In 1999, he was appointed as Chief of the Geology and Geophysics Research and Development Division.
Just before assuming this new position, the NSTA was structurally and functionally transformed into the Department of Science and Technology (DOST) and Phivolcs was mandated to perform the following functions as specified in Executive Order No. 128:
“Phivolcs is mandated to predict the occurrence of volcanic eruptions and earthquakes and their geotectonic phenomena; determine how eruptions and earthquakes shall occur and also areas likely to be affected; generates sufficient data for forecasting volcanic eruptions and earthquakes; mitigate hazards of volcanic activities through appropriate detection, forecast and warning systems; and formulate appropriate disaster-preparedness and mitigation plans.”
It was also during these years when Solidum completed his Master’s Degree in Geological Science from the University of Illinois, as well as his PhD in Earth Science at the Scripps Institute of Oceanography, University of California in San Diego.
“Studying abroad was not that easy because I had to leave my family. Although I was a scholar, I also had to work as an assistant teacher or assistant researcher to augment my educational expenses,” recalled Solidum who admitted that though it was tempting to settle in the United States with his qualifications, his commitment to return to the Philippines and keep his promise to serve the country remained his utmost priority.
The explosive eruption of Mt. Pinatubo in 1991 became the game changer in Solidum’s career in Phivolcs.
“I was in the US then studying but I came home when Mt. Pinatubo erupted, which also changed the way people saw Phivolcs. Many people became aware that we exist for the first time,” he recalled.
According to Solidum, there are 300 volcanoes in the country but only 23 are active, in the sense that they have erupted through history. More accurately, a volcano can only be considered active if its eruption occurred within the last 10,000 years.
“Pinatubo did not have any explosions on record. The carbon date on one sample, however, indicated that there was an eruption 500 years before. This information was released in 1987 by another group and we then classified it as active. By 1991, it finally erupted.”
Solidum remembered his foreign partner in monitoring Mt. Pinatubo before the historic eruption to have said, “Nice meeting you,” because they both knew the real score.
“Since we were both geologists, we could imagine what would really happen but God thinks otherwise. He needs us to educate our kababayans to be prepared and always rely on facts and science,” he said.
Solidum became the director of Phivolcs in 2003. He replaced Punongbayan who died in a plane crash.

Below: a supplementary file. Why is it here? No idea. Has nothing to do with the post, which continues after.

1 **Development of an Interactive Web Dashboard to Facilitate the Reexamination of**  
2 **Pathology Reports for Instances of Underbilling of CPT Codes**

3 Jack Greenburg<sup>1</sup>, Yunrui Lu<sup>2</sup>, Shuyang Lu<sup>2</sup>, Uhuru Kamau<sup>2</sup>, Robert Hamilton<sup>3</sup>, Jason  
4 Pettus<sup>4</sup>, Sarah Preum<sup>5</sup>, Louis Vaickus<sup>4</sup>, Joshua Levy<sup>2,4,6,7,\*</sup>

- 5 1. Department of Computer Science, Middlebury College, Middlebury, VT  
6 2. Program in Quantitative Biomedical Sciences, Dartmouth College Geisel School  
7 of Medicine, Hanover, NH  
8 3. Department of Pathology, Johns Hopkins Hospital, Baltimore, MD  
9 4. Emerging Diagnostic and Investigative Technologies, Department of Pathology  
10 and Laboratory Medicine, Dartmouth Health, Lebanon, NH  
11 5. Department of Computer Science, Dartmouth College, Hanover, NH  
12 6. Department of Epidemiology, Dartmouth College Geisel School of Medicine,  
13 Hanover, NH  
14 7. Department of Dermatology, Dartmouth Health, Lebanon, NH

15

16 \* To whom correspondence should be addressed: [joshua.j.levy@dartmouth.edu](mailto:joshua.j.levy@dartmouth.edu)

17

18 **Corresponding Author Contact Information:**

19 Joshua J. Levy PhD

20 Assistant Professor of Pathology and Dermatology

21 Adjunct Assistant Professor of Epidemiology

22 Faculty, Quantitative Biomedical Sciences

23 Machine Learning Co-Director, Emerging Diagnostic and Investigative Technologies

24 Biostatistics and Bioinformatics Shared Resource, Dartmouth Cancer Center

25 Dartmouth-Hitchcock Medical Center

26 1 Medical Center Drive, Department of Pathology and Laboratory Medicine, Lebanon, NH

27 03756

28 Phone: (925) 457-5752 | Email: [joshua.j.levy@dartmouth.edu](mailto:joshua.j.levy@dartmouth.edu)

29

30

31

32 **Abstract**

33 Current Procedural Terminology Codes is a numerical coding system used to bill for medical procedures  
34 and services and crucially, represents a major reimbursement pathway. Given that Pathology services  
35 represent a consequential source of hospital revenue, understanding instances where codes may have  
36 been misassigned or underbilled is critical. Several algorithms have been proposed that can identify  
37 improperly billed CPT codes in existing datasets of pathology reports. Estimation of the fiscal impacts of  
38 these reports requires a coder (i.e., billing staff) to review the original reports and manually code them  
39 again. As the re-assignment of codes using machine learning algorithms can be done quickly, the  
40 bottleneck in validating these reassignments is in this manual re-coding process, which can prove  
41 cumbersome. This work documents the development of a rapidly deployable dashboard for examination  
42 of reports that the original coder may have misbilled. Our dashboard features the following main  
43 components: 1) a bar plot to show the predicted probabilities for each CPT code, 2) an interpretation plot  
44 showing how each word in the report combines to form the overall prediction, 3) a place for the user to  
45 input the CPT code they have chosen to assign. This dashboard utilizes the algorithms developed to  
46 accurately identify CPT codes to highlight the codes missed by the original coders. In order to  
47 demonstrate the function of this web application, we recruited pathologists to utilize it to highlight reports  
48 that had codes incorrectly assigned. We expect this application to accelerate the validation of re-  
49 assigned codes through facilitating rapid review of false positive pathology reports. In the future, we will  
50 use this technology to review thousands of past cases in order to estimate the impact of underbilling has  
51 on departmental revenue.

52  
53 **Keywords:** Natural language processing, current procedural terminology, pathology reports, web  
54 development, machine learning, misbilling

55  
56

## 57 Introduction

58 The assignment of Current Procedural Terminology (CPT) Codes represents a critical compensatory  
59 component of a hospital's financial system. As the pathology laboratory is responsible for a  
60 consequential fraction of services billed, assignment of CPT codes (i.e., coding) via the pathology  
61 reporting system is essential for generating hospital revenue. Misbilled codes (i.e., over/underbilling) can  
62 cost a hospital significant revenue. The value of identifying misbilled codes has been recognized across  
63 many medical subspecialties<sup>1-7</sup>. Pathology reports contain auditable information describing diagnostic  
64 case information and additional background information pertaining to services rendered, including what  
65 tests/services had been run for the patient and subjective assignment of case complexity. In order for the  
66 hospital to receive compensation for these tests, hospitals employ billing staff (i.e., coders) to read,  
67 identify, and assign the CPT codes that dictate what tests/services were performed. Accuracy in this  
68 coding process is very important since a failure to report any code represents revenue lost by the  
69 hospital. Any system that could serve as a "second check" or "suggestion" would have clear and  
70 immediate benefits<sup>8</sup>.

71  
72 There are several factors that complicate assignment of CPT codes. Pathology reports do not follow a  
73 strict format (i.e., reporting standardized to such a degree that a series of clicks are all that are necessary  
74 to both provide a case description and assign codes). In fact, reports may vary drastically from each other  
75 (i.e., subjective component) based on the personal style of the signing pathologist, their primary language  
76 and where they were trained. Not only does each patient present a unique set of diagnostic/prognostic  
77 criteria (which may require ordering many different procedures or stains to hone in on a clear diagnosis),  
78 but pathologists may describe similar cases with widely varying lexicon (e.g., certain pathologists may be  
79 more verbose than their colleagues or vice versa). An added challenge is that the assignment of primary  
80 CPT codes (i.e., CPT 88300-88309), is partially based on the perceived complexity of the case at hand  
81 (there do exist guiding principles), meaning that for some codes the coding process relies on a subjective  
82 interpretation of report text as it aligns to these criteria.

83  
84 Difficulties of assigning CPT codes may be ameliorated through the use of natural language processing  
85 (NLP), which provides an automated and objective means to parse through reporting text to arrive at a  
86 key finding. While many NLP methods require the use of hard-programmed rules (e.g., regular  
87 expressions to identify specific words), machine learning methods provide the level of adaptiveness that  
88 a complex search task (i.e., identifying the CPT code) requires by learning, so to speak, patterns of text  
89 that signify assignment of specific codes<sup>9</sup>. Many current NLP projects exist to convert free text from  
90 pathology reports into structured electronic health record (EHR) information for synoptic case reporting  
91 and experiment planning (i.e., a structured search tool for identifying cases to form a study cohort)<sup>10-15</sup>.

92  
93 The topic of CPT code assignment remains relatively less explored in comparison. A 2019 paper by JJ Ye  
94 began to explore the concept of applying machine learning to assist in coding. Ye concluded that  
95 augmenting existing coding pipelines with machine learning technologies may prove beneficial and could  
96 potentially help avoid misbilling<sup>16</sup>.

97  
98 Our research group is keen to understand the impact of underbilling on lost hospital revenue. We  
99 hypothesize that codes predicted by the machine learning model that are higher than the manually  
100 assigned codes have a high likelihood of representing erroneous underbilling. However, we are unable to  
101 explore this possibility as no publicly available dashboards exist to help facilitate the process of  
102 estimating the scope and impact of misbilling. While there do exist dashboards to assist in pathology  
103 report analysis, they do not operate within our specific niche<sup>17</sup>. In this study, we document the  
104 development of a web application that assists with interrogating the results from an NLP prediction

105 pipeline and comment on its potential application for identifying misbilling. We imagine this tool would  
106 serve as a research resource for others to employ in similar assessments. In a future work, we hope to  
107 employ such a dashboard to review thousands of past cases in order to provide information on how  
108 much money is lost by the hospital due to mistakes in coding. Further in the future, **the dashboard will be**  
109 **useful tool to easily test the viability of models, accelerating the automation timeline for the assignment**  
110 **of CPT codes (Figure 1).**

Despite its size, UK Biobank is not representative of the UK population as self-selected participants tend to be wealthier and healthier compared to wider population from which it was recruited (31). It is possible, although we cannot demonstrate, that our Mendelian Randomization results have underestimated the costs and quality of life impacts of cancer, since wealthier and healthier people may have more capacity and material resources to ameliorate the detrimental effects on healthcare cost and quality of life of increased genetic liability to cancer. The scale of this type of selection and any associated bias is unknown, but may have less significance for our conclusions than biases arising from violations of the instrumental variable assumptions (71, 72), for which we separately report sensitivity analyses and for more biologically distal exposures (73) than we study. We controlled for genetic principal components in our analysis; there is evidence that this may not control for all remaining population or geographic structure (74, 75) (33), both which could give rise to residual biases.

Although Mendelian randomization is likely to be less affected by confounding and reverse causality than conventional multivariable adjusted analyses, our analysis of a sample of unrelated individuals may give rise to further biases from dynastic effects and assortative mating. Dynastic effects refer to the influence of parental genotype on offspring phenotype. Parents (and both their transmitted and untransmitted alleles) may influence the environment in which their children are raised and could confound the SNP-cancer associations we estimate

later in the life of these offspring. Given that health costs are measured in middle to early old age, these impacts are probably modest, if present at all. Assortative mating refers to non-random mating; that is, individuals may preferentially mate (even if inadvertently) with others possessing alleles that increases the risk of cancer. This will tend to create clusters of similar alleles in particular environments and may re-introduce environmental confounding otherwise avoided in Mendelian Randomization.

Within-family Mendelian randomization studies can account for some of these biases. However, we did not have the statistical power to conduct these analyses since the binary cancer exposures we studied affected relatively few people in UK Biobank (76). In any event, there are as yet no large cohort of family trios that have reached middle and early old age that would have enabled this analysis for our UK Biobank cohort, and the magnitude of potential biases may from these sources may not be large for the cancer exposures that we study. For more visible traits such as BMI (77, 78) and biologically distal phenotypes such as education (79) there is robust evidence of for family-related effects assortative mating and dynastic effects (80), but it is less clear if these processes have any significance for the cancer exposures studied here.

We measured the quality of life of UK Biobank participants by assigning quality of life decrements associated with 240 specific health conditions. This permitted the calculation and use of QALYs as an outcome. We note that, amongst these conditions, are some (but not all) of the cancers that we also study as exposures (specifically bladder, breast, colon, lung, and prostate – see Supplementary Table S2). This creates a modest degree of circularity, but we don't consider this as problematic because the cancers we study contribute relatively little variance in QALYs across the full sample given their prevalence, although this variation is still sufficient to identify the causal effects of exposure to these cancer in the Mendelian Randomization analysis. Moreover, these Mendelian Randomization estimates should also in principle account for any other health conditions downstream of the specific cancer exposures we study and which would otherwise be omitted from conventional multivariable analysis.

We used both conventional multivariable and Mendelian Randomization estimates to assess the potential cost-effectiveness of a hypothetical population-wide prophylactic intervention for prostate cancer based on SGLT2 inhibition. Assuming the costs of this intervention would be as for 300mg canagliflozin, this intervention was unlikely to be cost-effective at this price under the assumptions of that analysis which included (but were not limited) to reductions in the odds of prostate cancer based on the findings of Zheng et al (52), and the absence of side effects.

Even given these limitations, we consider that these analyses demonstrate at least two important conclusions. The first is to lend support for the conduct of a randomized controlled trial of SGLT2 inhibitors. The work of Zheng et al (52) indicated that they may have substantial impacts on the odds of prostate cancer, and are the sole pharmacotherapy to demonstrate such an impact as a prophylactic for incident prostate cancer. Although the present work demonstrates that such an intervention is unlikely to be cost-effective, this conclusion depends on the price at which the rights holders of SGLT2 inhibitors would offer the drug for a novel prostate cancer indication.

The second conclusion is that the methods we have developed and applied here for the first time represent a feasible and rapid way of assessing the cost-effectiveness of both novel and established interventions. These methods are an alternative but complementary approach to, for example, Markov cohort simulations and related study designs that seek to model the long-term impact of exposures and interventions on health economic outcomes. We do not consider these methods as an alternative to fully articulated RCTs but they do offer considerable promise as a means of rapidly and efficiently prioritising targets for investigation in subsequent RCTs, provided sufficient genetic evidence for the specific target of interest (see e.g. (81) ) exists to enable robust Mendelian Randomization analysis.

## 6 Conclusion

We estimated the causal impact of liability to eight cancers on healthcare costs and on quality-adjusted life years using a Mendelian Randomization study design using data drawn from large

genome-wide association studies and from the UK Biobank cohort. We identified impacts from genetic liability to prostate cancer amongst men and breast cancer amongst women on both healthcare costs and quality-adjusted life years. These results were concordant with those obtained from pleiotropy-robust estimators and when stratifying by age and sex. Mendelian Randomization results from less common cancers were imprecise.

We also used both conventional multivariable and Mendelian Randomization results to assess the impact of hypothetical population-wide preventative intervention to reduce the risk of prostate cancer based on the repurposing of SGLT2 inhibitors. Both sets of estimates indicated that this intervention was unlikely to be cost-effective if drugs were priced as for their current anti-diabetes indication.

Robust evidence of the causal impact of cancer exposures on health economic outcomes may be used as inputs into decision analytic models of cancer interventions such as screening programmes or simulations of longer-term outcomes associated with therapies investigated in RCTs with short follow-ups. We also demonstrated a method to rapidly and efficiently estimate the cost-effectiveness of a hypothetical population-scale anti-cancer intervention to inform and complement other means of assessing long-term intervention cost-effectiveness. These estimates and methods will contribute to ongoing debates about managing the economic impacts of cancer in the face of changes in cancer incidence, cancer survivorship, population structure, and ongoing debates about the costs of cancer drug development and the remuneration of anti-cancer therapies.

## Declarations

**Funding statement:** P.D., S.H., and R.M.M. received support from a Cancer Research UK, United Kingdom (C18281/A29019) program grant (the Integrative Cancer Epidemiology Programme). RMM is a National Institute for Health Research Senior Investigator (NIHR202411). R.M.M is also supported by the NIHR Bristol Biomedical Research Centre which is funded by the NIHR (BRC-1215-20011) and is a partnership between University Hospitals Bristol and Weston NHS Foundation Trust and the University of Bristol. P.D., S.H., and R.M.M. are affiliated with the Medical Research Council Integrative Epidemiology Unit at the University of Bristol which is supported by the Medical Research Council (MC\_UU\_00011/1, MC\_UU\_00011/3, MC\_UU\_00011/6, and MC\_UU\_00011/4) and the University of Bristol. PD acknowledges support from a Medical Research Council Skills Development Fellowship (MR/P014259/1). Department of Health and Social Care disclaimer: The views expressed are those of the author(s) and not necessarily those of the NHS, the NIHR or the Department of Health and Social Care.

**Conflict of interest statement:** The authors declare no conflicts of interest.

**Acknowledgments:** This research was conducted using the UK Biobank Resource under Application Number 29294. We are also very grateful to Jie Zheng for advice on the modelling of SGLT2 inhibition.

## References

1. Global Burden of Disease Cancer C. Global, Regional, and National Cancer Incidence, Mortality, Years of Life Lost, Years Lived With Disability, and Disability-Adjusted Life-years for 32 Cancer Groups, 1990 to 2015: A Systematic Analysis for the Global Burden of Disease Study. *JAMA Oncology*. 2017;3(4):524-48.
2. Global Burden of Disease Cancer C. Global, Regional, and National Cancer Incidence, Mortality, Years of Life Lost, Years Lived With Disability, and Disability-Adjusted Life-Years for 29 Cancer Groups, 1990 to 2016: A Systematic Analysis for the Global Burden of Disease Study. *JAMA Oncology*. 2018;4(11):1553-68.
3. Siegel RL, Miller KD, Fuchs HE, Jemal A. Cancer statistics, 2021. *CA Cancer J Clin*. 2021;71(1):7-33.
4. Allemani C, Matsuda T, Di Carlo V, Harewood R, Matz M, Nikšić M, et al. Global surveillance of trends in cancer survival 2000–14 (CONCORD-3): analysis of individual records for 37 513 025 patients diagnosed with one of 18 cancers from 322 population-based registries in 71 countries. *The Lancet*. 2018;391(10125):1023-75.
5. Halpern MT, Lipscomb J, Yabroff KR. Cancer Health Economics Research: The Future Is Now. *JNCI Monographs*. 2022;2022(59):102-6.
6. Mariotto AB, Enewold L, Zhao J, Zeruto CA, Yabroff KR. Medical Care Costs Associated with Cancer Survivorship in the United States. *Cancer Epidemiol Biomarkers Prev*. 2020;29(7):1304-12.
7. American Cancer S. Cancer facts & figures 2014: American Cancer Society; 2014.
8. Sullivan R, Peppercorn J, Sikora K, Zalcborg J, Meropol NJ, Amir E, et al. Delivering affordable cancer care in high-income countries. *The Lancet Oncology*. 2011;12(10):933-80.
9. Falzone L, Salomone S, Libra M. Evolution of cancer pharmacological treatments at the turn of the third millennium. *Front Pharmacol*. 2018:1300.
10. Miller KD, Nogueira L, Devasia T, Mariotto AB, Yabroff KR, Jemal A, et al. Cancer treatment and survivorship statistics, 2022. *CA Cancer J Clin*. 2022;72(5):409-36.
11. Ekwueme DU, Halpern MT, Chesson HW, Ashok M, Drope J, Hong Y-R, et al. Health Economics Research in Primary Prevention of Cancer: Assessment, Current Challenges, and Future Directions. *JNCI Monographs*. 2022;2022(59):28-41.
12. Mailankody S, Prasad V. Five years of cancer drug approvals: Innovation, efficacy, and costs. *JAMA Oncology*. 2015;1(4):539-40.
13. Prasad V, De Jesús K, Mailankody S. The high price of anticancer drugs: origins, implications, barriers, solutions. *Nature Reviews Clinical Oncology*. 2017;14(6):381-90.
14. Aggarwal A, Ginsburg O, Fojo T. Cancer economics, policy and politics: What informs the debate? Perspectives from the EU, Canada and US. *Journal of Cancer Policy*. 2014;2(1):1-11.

Despite having such a challenging job, the head of Phivolcs manages to rise above the demands of his post and excel in the highly-specialized field of seismic science, and serve
as a vanguard of disaster risk reduction and management in the Philippines.
Because of his efficiency and dedication, Solidum received three prestigious awards in 2010 alone including the Presidential Award or Lingkod Bayan Award by the Civil Service Commission, Outstanding Professional of the Year in the Field of Geology by the
Philippine Regulations Commission, and the Presidential Citation for Public Service.
Solidum is also involved in several researches and co-authored 15 full publications.
He received the 2010 Presidential Lingkod Bayan for raising the bar of disaster risk reduction and initiating a nationwide mapping program that generated new information on tsunami-prone areas. These are useful for local governments in risk-sensitive development planning and disaster preparedness.
For all of his achievements, Solidum credits his family for inspiring him to be the best he can in such a huge responsibility to nation. They too, he acknowledges, have sacrificed a lot so he can carry out his destiny.
“As a scientist, I don’t only deal with people here, I also have to fulfill my role as a partner of international organizations so I go to different places in the Philippines and different parts of the world to discuss and share what we have done in the country and vice-versa.”
Blessed with three children, Solidum is grateful to his wife Gladys, an accountant, for her unwavering support.
He is also very proud of his children Miguel who graduated Magna Cum Laude in UP for Business Administration course; Darynne who is taking up Psychology; and youngest Maurene who is a junior in high school, not just for their achievements but also for understanding the demands of his job.
To show how much he appreciates them, the Phivolcs chief still makes an effort to help out around the house, including waking up at 4 a.m. to help prepare breakfast.
“I also love bonding with my family on Sundays when we go to church together.”
As expected, Solidum also made sure his family is prepared for any disaster that may strike.
“I also conduct our own drills at home to equip my family with the kind of response emergencies require. I reinforce what they learned by discussing which part of the house they should avoid running to during an earthquake for example, and where they should stay for safety.
Director Solidum concluded, “We value our relationship at home, and work is a manifestation of your relationship with your family. That is my philosophy: God, family, country and work. If everything is in place in all three, everything will be alright.”